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Quagga Mussels Reach Record Numbers in Lake Mead, UNLV Research Finds
More than 1.5 trillion adult quagga mussels and 320 trillion baby quagga mussels live in Lake Mead, according to new calculations from researchers at UNLV. That's nearly 10 times the amount of mussels in the lake since they were first discovered in 2007.
As Memorial Day weekend approaches and the boating season begins, nearly 5,000 boaters from around the Southwest could visit Lake Mead. UNLV researchers are urging that boaters follow proper decontamination procedures to prevent the mussels from infecting lakes and water supplies around the region.
"Many visitors will be from California and other surrounding states and if we don't do a good job of decontaminating boats, the mussels are going to end up everywhere and very quickly," said UNLV researcher David Wong, one of the nation's leading experts on invasive freshwater species. "We have found that some mussel babies could survive on a boat out of water for as long as 27 days. They can survive many conditions. Many people just don't realize how resilient these mussels are."
Quagga mussels, about the size of a dime when fully grown, are an invasive species that cling to water pipelines, attach to boats and lake structures and cripple the lake's ecosystem, costing lake managers millions of dollars in cleanup each year. Many have already spread to water systems throughout neighboring states.
The estimated 320 trillion "invisible" mussel babies are the real culprits. They swim in the water and can only be detected under a microscope, making it impossible to ever fully eradicate mussels from the Lake. Their small size can also lead boaters and other visitors to inadvertently transfer the mussels to another water source, Wong said.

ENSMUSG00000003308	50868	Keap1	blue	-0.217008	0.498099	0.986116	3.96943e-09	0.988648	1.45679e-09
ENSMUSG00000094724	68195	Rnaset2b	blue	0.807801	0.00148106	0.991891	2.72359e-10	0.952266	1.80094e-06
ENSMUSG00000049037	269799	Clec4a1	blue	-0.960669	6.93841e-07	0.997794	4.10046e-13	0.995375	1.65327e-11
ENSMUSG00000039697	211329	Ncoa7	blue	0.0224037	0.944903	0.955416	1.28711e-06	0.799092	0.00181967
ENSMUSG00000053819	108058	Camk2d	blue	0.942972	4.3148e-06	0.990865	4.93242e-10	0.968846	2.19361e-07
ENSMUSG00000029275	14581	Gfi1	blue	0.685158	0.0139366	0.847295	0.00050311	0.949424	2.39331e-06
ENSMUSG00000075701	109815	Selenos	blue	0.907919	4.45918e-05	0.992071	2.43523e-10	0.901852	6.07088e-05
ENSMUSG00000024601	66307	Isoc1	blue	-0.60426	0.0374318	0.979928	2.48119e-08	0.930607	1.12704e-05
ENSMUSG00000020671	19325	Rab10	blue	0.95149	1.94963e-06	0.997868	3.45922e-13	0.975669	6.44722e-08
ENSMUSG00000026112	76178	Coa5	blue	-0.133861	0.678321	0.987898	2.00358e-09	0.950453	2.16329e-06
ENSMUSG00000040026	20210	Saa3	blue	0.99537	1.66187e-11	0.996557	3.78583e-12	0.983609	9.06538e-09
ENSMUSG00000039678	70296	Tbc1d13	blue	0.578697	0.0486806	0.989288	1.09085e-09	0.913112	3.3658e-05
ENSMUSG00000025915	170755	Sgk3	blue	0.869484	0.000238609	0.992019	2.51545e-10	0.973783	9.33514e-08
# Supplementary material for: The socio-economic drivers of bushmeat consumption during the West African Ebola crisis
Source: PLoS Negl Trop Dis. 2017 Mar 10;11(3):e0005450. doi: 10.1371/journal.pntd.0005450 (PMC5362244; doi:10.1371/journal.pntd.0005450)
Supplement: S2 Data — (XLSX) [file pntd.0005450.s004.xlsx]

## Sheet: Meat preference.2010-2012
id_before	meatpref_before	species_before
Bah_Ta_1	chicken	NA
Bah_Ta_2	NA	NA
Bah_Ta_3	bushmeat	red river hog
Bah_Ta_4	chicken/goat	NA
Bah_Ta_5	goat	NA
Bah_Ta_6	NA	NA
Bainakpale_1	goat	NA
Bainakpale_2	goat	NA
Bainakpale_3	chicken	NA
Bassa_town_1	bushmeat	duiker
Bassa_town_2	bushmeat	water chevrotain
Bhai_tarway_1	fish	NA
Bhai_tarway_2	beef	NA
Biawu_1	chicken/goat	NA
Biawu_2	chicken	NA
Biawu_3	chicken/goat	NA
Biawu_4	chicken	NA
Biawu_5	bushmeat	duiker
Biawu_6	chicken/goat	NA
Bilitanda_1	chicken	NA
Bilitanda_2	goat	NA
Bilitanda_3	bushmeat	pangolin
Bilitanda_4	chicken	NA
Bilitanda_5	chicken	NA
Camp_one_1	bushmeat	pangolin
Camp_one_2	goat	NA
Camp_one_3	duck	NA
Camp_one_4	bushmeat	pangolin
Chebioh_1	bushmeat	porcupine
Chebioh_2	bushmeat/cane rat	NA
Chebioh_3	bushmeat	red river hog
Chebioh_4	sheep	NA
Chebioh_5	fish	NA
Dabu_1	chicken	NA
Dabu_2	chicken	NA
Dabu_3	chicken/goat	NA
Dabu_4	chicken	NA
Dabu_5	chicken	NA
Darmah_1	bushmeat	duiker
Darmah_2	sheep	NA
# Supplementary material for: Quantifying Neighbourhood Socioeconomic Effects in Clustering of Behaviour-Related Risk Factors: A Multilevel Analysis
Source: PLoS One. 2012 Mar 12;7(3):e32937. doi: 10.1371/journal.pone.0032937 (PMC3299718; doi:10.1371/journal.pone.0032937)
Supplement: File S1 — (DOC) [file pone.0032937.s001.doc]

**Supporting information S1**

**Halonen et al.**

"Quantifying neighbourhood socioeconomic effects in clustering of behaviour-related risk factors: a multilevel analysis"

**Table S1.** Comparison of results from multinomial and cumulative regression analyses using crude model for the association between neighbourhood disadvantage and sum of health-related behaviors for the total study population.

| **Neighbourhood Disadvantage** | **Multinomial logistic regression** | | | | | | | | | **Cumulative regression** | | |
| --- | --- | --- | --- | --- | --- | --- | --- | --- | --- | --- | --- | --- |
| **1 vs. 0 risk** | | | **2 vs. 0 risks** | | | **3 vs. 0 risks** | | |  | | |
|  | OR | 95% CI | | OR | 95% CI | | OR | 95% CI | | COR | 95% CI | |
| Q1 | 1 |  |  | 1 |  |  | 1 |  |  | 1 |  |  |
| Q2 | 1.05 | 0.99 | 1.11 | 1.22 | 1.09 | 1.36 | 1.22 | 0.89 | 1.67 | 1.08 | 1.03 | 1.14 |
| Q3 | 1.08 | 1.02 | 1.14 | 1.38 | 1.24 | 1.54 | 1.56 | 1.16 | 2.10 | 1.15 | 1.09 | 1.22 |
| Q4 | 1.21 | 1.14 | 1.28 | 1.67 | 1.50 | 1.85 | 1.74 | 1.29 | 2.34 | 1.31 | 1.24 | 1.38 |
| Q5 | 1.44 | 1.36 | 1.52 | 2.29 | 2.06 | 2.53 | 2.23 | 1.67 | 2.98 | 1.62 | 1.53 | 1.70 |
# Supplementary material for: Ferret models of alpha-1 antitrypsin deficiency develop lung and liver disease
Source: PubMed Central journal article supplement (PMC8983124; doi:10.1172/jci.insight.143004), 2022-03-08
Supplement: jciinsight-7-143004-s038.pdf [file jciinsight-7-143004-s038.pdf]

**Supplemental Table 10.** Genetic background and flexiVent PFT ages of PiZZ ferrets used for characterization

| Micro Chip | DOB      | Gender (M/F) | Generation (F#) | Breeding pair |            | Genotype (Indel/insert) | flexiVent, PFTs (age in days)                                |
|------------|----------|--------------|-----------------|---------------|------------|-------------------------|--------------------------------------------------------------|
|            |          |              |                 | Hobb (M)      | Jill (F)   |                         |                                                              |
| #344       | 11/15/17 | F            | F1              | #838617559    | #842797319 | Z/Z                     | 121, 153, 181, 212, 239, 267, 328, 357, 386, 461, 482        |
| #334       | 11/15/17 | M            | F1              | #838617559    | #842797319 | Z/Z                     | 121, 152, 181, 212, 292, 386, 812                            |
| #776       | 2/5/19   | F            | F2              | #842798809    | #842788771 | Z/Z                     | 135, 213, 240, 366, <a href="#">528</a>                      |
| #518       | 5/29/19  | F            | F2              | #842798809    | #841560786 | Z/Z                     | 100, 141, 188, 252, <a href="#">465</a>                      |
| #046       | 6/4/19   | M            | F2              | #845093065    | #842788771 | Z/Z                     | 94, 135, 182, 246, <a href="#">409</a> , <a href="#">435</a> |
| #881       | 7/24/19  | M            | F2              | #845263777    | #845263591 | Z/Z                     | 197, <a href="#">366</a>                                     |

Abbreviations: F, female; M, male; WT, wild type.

Researchers don't know exactly how the mussels arrived at Lake Mead, though the most likely source was a boater from the Great Lakes region where quagga mussels have been wreaking havoc for more than 20 years.
Warmer water temperatures of Lake Mead create the perfect breeding ground for the, allowing for year-round reproduction and higher levels of calcium in the water speed shell growth.
To properly decontaminate a boat, Wong suggests a three-step process: Clean, drain and dry.
If a boat has been in the lake for a day or over the weekend, the boat can be hosed off with tap water. Boat owners should try to remove any areas that could potentially be infested.
If a boat has been housed at the marina and has been in the lake for more than two weeks, owners must decontaminate the boat or hire someone to do this.
Wong recommends that the boat be cleaned with pressurized water heated to 140 degrees or higher, which should be pointed toward each area that could have been exposed for at least five seconds. Depending on the size of the boat, this process could take 30 minutes to three hours.
It is not recommended to use chemicals or bleach to clean boats because the chemicals could be brought into another water system and cause harm, Wong said.
Drain any places in the boat where water could have collected. There are many places that hold standing water that boat owners tend to overlook such as the circulation systems for water, barge water or ballast water.
Wong recommends that a boat dry for two to three days before it is used in any other body of water. If there is any residual water left, this could lead to a much longer drying time. UNLV graduate students studying under Wong recently found that some baby mussels can live for as long as 27 days in wet or humid conditions.
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